Ryan Chartrand

Baseball, America’s great pastime, hasn’t always been what it is today.

Monday will mark the 60th anniversary of Jackie Robinson’s monumental integration into Major League Baseball. His legacy is one that has extended beyond the baseball diamond.

Jules Tygiel, “an eminent, pioneering historian of baseball,” as history professor Matthew Hopper described him, will present “The Enduring Legacy of Jackie Robinson” Monday from 12:10 to 1 p.m. in Chumash Auditorium to commemorate the event.

“He’s the historian on Robinson,” Hopper said. “I really thought that he would have been booked by NPR or NBC News or something, but he has agreed to come here on the actual anniversary of Jackie Robinson’s integration. We’re really excited about it.”

Robinson had ties to Cal Poly. He lived on campus for roughly six months beginning in 1940, according to “Jackie Robinson: A Biography,” by Arnold Rampersad.

Robinson lived at Cal Poly because of the school’s ties to the National Youth Administration facility in Atascadero. He was assistant athletic director for NYA, which provided jobs and job training to people between 16 and 25 years of age.

Tygiel, author of “Baseball’s Great Experiment: Jackie Robinson and His Legacy and Pastime: Baseball as History,” currently teaches American history – including a course entitled History and Literature of Baseball – at San Francisco State University.

Coinciding with the 60th anniversary of the integration of Major League Baseball, the event will act as a way to honor this monumental component of American history.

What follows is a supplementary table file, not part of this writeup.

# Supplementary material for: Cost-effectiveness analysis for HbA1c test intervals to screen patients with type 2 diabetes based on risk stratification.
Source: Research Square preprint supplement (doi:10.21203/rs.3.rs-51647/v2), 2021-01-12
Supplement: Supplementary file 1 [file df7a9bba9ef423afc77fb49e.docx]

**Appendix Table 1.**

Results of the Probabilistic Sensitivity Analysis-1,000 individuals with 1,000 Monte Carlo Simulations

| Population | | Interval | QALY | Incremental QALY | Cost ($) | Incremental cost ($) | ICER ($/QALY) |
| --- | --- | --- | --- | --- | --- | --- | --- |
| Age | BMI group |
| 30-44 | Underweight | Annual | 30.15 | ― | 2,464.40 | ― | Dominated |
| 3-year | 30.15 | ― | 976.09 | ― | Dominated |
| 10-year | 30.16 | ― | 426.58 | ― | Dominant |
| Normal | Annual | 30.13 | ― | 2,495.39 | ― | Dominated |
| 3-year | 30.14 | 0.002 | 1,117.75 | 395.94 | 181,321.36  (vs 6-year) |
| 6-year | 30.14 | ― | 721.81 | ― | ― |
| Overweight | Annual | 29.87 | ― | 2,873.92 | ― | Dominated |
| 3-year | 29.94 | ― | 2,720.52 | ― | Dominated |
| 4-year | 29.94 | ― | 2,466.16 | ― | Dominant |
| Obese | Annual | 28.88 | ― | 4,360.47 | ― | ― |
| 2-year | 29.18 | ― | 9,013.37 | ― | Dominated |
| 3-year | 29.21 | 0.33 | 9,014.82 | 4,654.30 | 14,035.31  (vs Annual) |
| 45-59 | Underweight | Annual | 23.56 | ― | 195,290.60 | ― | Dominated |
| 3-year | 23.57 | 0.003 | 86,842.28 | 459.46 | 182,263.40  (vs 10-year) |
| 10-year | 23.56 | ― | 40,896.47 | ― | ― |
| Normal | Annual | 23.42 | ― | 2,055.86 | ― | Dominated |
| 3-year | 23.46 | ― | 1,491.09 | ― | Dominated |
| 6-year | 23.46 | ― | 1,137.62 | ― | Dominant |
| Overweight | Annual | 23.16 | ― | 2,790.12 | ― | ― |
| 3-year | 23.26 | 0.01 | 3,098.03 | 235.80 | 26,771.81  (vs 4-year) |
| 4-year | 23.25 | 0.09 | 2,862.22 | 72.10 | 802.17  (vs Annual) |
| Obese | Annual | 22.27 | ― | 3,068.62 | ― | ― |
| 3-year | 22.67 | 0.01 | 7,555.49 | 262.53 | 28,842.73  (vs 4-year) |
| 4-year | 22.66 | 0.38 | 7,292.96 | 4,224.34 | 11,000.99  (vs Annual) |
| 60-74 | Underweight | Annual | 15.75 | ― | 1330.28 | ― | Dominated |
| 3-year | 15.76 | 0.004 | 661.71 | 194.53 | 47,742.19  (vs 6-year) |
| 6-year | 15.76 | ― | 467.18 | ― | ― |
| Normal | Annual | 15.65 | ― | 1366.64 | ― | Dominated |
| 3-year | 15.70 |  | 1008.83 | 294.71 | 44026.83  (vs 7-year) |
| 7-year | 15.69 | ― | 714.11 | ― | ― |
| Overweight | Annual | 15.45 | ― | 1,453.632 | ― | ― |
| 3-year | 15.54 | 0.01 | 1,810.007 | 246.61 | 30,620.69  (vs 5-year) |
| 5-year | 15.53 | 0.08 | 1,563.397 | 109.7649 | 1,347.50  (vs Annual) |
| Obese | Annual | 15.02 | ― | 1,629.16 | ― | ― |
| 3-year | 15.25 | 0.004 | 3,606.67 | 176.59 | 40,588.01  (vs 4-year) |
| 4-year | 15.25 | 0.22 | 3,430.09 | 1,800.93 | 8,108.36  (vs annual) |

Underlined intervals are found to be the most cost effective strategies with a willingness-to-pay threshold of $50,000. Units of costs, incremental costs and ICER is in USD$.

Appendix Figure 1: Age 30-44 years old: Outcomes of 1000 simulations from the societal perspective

Sixty years ago, baseball, like many areas of American life, was racially segregated, resigning black players to the confines of Negro leagues. Only whites were offered opportunities to make it to the majors.

But all that changed April 15, 1947, when Robinson joined the Brooklyn Dodgers. With this seemingly simple event, he became the first player to cross the emblematic color barrier, enduring much discrimination in the process.

Robinson was specifically chosen because of his ability to overcome this discrimination, his steadfast determination and playing skills.

Now, though, the landmark event is often overlooked.

“It’s very easy for people to forget how very recently and how very real segregation was in American life,” Hopper said. “Events like this help us to reflect on how far we’ve come and how far we still have to go.”

It is easy to see where progress has been made, but there’s still much ground to cover, Hopper said, citing the controversy surrounding Don Imus’ racially-charged remarks about the Rutgers women’s basketball team as an example.

“The Enduring Legacy of Jackie Robinson” presentation is open to both Cal Poly students and the general public. For more information, call (805) 756-2543.

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